Reply: “You should not demean the role of a woman who has come this far and she should not be diminished or belittled by these sexist attacks.”

Challenge: Well, McCain said that foreign policy experience should count more than change so why would he pick someone with no foreign policy experience?

Reply: “Governor Palin has more executive experience than Senators Obama and Biden. It’s the top of the ticket that counts, not the bottom.”

Thus the circular logic has begun and this is all the republicans will keep saying until and after Election Day. In the eyes of the republican base, Governor Palin can do no wrong and must be defended vigorously. It’s almost like watching the birth of the clan during D.W. Griffith’s “Birth of a Nation” where the White woman has to be protected from the Black man (who is now a presidential candidate as opposed to a runaway slave). Ferraro did the same thing.

The pregnancy of Governor Palin’s daughter and Palin’s child with Down syndrome highlight the hypocrisy of the Republican Party. They espouse family values but praise the fact that Bristol is keeping the baby and marrying the boyfriend. How can they support family values when they are promoting teenage marriage? I have not seen evidence out there supporting the notion that teen marriages as a result of pregnancy promote healthy marital relationships. Furthermore, democrats should be highlighting the fact that Bristol at least lives in a country where she can choose to keep the baby in the first place. Lastly, Palin’s first son was born 8 months after her marriage, according to the New York Times, but this is also of no consequence to the Christian conservatives, who now (based on hats worn at the convention) support unwed mothers. Unwed mothers was never my issue, it was theirs until now.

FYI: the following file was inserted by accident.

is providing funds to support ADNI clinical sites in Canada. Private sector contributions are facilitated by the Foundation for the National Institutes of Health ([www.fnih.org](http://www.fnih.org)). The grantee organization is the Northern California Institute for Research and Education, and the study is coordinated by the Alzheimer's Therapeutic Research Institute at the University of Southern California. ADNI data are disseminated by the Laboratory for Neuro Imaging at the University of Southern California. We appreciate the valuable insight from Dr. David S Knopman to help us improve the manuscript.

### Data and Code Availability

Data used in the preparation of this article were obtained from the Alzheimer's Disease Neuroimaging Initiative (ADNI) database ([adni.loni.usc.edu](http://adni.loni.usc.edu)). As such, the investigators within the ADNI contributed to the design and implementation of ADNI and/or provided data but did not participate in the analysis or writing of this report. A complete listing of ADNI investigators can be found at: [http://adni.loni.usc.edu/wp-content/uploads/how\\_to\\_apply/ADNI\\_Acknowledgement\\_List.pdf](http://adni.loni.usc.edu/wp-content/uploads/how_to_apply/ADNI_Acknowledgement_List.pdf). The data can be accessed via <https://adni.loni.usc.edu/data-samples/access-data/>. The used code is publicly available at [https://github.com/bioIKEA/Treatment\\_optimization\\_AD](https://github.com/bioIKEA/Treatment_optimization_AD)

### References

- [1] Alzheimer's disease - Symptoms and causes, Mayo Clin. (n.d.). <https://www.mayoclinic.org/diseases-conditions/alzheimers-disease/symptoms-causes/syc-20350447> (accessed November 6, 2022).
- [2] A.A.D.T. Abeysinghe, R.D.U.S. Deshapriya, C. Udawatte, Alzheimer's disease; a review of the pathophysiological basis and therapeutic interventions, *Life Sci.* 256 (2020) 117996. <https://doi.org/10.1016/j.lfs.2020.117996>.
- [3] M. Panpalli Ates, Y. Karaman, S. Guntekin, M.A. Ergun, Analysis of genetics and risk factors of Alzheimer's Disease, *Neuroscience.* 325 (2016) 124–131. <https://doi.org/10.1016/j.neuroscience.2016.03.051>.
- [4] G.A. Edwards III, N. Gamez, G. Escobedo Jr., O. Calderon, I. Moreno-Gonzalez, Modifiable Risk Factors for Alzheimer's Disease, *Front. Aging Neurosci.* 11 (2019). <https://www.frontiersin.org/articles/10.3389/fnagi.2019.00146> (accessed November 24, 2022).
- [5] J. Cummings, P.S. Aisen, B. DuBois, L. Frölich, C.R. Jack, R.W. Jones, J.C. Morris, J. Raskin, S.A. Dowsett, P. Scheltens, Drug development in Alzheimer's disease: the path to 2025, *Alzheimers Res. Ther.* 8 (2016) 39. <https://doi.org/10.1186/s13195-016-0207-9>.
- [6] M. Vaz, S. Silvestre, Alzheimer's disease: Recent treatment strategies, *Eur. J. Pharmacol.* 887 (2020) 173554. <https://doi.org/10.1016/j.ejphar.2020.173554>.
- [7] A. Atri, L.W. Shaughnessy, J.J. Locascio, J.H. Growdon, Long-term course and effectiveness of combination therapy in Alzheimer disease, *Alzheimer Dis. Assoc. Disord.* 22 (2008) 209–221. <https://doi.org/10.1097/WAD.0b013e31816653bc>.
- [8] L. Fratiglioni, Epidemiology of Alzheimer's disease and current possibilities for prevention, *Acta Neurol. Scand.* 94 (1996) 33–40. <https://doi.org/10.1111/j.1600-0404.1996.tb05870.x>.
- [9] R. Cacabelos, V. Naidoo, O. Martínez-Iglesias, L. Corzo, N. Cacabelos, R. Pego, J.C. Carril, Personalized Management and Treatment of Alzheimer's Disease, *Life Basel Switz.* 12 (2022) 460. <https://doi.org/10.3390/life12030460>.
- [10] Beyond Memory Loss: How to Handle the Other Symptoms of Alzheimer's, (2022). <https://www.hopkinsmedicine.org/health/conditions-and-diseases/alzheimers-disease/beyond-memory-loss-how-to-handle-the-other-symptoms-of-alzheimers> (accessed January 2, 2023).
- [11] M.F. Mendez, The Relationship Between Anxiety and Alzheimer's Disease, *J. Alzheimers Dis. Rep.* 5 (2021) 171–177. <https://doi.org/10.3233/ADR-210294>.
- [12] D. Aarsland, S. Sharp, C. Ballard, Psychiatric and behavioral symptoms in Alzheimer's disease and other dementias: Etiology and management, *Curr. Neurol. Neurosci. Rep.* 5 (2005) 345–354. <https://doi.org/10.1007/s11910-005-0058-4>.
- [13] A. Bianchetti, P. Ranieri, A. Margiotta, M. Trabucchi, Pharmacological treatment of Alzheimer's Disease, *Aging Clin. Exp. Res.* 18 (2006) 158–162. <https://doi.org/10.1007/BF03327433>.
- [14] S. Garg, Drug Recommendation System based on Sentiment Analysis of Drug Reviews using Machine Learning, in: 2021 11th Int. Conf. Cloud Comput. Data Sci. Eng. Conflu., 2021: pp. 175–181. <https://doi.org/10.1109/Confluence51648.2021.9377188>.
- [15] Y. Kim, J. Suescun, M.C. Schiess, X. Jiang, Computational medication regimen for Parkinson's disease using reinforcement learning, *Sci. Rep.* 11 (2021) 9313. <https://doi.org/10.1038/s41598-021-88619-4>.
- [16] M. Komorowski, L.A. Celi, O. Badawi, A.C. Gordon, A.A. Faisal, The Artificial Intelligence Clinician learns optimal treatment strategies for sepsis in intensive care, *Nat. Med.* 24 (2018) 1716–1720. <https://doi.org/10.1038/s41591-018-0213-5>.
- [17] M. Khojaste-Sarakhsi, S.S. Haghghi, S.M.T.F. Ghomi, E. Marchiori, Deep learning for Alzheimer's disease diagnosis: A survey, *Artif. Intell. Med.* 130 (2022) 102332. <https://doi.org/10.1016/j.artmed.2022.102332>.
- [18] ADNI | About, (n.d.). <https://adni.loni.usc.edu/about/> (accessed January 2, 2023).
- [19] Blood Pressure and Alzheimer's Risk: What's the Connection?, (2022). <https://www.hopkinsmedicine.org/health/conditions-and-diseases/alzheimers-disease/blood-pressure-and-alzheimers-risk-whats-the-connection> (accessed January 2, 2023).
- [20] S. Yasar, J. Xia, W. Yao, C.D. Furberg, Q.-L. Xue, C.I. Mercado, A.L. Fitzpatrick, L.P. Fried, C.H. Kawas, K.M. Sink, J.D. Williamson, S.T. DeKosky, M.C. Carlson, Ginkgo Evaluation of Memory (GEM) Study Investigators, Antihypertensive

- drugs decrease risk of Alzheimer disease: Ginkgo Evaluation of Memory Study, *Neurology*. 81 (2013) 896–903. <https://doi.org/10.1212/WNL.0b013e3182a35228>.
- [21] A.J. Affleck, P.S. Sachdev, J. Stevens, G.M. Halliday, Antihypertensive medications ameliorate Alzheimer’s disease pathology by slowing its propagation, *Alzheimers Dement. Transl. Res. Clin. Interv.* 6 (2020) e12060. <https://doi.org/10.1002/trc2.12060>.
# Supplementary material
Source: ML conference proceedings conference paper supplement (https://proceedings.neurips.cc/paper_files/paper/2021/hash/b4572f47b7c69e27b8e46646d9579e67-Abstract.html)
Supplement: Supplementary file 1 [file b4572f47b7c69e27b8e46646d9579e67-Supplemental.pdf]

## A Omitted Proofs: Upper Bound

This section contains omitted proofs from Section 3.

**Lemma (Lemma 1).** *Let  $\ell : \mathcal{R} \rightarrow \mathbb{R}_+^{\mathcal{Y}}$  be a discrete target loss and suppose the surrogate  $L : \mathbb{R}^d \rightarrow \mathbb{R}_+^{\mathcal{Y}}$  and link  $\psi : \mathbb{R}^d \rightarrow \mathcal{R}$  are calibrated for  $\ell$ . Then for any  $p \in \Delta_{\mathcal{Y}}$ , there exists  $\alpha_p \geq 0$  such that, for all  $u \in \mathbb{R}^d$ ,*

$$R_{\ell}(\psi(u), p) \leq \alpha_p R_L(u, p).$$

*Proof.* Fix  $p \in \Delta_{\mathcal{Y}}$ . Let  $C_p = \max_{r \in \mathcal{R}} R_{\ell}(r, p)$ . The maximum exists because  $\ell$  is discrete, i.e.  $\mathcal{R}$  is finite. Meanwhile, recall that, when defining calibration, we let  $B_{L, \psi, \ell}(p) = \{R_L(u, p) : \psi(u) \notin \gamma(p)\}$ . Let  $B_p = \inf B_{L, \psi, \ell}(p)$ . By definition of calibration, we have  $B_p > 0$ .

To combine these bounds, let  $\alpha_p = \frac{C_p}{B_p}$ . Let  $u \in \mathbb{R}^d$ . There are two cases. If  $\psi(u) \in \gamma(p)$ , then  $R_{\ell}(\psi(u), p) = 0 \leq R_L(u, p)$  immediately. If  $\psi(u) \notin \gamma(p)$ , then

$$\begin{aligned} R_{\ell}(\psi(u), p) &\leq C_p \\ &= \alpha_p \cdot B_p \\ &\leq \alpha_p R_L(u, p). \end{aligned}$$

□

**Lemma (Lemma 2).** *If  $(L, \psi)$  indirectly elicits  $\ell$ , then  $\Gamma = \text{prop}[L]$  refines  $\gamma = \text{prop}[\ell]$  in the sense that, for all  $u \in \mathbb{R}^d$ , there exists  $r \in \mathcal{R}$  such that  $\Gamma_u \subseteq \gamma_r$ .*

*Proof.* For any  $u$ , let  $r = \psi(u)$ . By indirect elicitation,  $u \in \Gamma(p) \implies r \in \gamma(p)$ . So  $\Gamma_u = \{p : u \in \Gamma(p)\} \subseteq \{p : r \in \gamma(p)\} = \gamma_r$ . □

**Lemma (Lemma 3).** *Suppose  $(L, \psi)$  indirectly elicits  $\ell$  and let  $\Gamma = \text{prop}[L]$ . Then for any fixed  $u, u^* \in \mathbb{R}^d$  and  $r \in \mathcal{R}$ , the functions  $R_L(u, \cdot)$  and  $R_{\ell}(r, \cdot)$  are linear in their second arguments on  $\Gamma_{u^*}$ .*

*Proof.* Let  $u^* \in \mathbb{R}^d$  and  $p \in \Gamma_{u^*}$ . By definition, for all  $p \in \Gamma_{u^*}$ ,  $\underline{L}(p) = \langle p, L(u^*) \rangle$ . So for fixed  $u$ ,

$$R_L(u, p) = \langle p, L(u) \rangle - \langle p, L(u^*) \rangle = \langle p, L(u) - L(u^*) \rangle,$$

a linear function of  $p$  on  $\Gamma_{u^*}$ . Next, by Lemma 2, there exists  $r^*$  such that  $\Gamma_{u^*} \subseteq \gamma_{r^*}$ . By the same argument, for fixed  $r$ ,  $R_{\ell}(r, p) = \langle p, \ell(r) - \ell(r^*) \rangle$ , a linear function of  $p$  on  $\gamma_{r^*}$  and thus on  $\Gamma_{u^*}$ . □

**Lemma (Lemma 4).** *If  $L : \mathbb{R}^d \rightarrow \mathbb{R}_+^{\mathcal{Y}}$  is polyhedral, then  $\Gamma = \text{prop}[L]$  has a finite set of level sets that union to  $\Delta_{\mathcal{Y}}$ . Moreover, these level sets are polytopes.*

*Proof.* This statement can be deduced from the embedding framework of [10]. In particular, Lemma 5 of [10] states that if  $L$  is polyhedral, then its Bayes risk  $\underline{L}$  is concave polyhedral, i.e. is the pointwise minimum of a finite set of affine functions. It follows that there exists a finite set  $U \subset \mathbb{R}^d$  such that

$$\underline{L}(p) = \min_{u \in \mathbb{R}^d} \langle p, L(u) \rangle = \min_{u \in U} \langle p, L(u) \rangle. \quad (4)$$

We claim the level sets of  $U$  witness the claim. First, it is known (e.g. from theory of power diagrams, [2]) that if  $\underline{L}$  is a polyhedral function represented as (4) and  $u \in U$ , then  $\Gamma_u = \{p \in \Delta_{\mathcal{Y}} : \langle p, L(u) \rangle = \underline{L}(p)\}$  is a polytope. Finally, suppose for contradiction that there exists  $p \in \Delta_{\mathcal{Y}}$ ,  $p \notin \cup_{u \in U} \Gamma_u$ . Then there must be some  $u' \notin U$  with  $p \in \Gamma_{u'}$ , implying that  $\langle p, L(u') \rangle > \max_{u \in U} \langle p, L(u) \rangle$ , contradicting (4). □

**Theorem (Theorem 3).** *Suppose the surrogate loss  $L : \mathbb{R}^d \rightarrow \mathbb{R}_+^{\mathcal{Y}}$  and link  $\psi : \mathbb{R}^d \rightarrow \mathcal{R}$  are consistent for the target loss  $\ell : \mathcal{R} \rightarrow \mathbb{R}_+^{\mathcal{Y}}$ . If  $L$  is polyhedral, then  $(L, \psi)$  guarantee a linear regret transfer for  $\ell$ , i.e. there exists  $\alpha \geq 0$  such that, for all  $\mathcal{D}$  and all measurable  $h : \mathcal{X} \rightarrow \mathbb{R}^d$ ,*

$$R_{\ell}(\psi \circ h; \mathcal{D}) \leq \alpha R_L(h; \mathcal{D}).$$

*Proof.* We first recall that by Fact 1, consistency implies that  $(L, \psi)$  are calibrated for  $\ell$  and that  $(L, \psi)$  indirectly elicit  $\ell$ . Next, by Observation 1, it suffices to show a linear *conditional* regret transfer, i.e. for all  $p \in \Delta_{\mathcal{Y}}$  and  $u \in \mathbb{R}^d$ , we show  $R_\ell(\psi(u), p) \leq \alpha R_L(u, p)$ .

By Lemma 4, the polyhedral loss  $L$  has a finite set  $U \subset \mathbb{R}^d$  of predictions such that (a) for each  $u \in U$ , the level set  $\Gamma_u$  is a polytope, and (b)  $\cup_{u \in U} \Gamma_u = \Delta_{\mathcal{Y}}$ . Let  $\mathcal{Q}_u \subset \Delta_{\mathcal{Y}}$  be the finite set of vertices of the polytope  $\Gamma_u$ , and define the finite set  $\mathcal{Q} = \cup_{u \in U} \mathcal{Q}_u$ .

What bothers me most is the exploitation of her child (Trig) with Down syndrome. Every article I read about Palin cannot neglect to mention that her son has Down syndrome. CNN contributor Bill Bennett (Republican former Secretary of Education) went so far as to say that Palin should be praised for even choosing to have a baby with the disease in the first place. I’m reminded of comedian Chris Rock’s skit when he stated that men shouldn’t seek praise for being fathers to their children—“It’s what you’re supposed to do!” The more Trig’s disease is brought up as some huge anchor, the more it is going make children with Down Syndrome look like complete burdens on any family. I don’t know what it’s like to raise a child with this disease or any other, but I think that any good parent who is in that situation loves his or her child unconditionally despite the many challenges and resents having this thrown in their face. Her choice to have and raise this child should not be looked at as some badge of honor—it should be looked at as raising her child—period.

So yes, all Republicans must rally around Palin and this will be great for McCain. Republicans like Bill Bennett are comfortable stating that Palin should be praised for Bristol having her baby but at the same time suggest that crime in the inner cities would decrease if Black women aborted their babies. They vilified Senator John Edwards for his affair but say it’s OK that McCain cheated on his sick wife because he was a POW. They can decry the ills of inner city youth but then shower praise on the same indiscretions as long as the children have supportive families. Senator McCain and Governor Palin are not running in order to serve the entire country. They are running to be the President of the Christian conservative nation. The base has been excited like never before and Obama and others would do best not to underestimate them—after all, George W. Bush won two terms. McCain and Palin can do no wrong until we show them in this election who is truly on the side of the right.